Jeb Bush is cleaning up a mess he helped create. It’s a distraction from what he’d rather be doing, which is building an “aura of inevitability” around his soon-to-be presidential campaign. He’s spent the past week distancing himself from the speech that one of his foreign policy advisers, former secretary of State James Baker, delivered to the annual meeting of J Street, the liberal fringe group that pushes tough policies against Israel.
Fighting continues in eastern Ukraine despite a ceasefire agreement reached earlier this month by European negotiators.
While Russian-backed separatists began to pull back some heavy weapons from the front lines on Tuesday as part of the deal, Ukraine says the rebels are still initiating attacks. Ukrainian forces retreated from the strategic rail hub Debaltseve last week under an onslaught from the separatists—who were bolstered by Russian troops and advanced weaponry, Western officials said—and residents now fear that the rebels could launch further attacks on the eastern cities of Mariupol and Kharkiv.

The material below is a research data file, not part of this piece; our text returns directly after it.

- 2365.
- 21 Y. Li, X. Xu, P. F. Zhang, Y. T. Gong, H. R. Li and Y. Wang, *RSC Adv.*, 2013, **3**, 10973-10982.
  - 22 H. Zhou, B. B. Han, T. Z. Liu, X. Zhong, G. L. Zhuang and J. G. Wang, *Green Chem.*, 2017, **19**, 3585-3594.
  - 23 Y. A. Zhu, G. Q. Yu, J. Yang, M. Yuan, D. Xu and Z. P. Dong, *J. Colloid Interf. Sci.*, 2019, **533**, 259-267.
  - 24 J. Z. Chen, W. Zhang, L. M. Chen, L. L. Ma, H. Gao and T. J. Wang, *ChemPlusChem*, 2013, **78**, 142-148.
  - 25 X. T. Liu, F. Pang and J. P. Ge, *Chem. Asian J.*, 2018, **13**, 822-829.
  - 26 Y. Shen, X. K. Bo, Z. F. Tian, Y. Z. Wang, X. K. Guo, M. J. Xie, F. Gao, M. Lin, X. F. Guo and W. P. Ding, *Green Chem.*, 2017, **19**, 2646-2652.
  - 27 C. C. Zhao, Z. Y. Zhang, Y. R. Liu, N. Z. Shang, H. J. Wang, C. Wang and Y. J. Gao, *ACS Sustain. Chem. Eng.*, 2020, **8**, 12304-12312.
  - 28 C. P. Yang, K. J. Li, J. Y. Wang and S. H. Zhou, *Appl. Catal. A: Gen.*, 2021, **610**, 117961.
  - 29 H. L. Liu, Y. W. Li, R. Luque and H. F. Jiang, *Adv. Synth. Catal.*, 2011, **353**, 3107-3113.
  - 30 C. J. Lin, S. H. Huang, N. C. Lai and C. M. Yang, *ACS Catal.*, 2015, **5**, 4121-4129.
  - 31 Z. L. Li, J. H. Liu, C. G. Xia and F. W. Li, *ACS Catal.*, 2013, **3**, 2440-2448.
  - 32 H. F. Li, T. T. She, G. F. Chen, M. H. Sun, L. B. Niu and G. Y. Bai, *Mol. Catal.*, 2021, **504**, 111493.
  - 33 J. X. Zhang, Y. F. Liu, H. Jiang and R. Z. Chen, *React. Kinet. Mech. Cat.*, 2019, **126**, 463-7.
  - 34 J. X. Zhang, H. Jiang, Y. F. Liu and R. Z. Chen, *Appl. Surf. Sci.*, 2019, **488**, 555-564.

An intellectually stimulating and potentially historic event was held at the American Enterprise Institute on Thursday. House majority leader Eric Cantor, Senate minority leader Mitch McConnell, and Senators Mike Lee and Tim Scott appeared alongside conservative thinkers and journalists such as Arthur Brooks, Ross Douthat, Reihan Salam, Ramesh Ponnuru, Peter Wehner, Yuval Levin, and Kate O’Beirne to discuss “solutions for the middle class.” The AEI panel was noteworthy not only for its content but also for the presence of Republican elected officials. It was the debut, however modest, of “reform conservatism” as a political force.